The Difference Between Price And Value: Kahn Seeks Answers To Unanswerable Questions
The modern art world has been inexorably bound to the whims of collectors and curators for the past few decades, seemingly now more than ever. A travesty to some, a natural evolution for others, this companionship dictates the temperamental price of contemporary art and defines how that art is to be truly valued moving into the future. Nathaniel Kahn has gained unprecedented access to numerous art personalities and the works they all revere, to dive headlong into a community where everything is sold and traded like Wall Street stocks. The Price of Everything is a candid participatory investigation buttressed by massive and eclectic troves of knowledge and opinion that delight and infuriate in equal measure.
With its primary narrative tracking the progress of the world-class Sotheby’s Auction House in New York City preparing for its latest mass sale of contemporary art, the film spotlights prolific artists such as Jeff Koons, Larry Poons, Njideka Akunyili Crosby, and Marilyn Minter (among several others) to dissect their philosophies and observe their creative processes. Similar questions on why art sells for what it does, what factors determine this particular price tag, and what can be defined as art are posited to some of the most esteemed art critics, owners, dealers, and curators in the world, as well as those running the impending Sotheby’s auction. Though this exclusive community routinely reinforces their wide array of determinations as “upside down”, what truly is on trial here is the fashion of collecting. Seeing the acquisition of art as active involvement in this community by many, the contemporary art world has become defined by luxury branding (rather than the wills, wishes, and efforts of the artists themselves).
Kahn’s inquisitive voice is often heard from behind the camera, probing all of his interviewees with increasingly difficult questions, trying to hammer down some tangible truths that flit about in the ambiguousness of what constitutes good art (though never calling judgement on anything that is discussed). The impressive vastness of visual material competently shot by cinematographer Robert Richman (Tony Robbins: I Am Not Your Guru) complements and expands on each interview, bringing each individual’s perspective to vibrant three-dimensional life.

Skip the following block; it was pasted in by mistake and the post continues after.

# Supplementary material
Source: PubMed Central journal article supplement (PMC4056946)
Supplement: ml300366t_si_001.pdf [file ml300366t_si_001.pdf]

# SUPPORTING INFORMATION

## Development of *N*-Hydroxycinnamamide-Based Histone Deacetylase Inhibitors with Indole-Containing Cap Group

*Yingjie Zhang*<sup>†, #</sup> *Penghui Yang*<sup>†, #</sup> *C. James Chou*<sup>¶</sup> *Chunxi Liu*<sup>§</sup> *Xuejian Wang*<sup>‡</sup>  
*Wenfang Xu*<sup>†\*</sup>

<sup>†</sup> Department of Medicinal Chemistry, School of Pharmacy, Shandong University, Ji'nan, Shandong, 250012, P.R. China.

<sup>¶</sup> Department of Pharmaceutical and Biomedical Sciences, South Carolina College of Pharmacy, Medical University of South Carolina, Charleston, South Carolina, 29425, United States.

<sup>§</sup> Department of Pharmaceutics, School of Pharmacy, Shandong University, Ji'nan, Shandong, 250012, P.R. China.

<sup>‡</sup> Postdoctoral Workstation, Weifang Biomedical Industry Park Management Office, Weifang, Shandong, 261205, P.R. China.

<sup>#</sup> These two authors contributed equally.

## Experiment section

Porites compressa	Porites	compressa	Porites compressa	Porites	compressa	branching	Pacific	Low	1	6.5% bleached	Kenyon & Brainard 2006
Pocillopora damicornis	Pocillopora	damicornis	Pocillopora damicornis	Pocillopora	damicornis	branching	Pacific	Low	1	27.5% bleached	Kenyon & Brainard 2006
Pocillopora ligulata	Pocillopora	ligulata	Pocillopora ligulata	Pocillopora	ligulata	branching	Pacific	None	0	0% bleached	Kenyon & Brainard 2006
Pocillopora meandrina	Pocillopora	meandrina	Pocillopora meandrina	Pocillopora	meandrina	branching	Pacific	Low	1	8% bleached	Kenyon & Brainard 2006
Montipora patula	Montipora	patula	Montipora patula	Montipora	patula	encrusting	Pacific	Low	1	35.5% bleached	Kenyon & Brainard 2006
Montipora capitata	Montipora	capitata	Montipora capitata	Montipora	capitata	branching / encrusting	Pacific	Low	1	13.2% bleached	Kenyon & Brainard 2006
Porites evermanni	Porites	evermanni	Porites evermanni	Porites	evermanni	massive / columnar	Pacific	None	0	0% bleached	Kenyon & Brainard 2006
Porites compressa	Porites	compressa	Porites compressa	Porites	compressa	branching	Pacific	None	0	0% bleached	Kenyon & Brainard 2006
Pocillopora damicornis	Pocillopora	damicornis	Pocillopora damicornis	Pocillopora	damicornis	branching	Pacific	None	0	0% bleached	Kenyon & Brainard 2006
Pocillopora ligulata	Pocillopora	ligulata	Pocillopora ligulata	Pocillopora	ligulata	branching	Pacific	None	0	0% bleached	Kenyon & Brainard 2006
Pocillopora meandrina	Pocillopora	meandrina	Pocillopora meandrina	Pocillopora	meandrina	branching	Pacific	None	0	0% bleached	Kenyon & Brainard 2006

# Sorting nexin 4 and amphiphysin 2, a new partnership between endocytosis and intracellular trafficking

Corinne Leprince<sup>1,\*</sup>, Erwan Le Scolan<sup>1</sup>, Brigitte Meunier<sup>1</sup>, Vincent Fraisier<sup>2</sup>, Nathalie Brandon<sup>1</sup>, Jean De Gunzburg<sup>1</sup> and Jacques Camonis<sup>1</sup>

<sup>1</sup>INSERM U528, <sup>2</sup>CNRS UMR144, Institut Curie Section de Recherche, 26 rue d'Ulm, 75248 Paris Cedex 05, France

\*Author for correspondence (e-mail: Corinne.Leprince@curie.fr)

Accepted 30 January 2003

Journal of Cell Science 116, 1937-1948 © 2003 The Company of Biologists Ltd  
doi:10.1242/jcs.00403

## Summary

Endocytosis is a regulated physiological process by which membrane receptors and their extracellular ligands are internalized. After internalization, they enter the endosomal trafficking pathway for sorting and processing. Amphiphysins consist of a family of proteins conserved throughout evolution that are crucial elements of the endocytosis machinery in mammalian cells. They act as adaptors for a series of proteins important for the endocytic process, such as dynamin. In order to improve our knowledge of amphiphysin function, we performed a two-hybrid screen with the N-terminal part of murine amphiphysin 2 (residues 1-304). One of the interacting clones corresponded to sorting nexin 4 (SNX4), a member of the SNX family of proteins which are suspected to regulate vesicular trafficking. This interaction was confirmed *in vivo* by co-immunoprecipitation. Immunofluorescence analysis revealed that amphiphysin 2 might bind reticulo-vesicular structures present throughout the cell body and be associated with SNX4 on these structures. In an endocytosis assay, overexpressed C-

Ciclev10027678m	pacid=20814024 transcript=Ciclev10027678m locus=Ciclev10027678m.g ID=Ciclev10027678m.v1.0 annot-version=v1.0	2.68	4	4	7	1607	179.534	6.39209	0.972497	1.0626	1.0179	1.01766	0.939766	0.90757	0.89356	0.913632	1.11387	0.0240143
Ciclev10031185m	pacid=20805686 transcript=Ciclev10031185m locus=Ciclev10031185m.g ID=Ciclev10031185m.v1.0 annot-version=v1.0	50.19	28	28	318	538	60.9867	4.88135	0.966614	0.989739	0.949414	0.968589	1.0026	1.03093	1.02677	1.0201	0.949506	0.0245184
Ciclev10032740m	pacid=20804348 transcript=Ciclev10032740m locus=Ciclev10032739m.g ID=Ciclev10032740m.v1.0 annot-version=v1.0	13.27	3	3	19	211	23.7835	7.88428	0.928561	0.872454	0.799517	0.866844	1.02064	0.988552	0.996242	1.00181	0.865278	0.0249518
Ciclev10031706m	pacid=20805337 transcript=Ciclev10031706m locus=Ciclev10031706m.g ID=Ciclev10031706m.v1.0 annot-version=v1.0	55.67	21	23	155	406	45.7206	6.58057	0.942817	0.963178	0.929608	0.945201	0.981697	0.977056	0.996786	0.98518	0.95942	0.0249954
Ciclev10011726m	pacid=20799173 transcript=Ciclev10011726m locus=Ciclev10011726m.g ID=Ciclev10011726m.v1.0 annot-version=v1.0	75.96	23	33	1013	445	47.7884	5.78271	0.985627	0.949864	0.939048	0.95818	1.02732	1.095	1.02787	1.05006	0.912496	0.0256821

Composer Jeff Beal’s playful score, along with an agglomeration of classical appropriated tracks, manage to keep the film light-hearted on its surface, especially in moments when the business of art overtakes the actual creativity, something that can easily offend art purists. The incredibly talented editors Brad Fuller, Sabine Krayenbühl, and Phillip Schopper bring all aforementioned aspects together into a tautly-crafted final cut defined by its smooth pacing, extensive use of montage and collage, and a consistently enjoyable tone.
The collaboration, conflict and separation between artists, curators and collectors are explored via several different avenues, through all resolve themselves at the same place: art is art, and that’s why things are the way they are. A destination that was expected from the get-go, though it makes it no less miasmic. Kahn’s direction fails to highlight any unique revelations that haven’t been explored in previous documents, such as Lisanne Skyler’s Brillo Box (3¢ Off), but he is utterly sincere and produces quite possibly the widest-reaching scope in a single documentary capturing the whys and wherefores of the modern art world. Impeccably craft, defined by genuine love and unfettered curiosity of its subject, The Price of Everything revisits many age-old questions through previously underexplored and fascinating perspectives.
Reviewed on January 26th at the 2018 Sundance Film Festival – U.S. Documentary Competition. 98 Minutes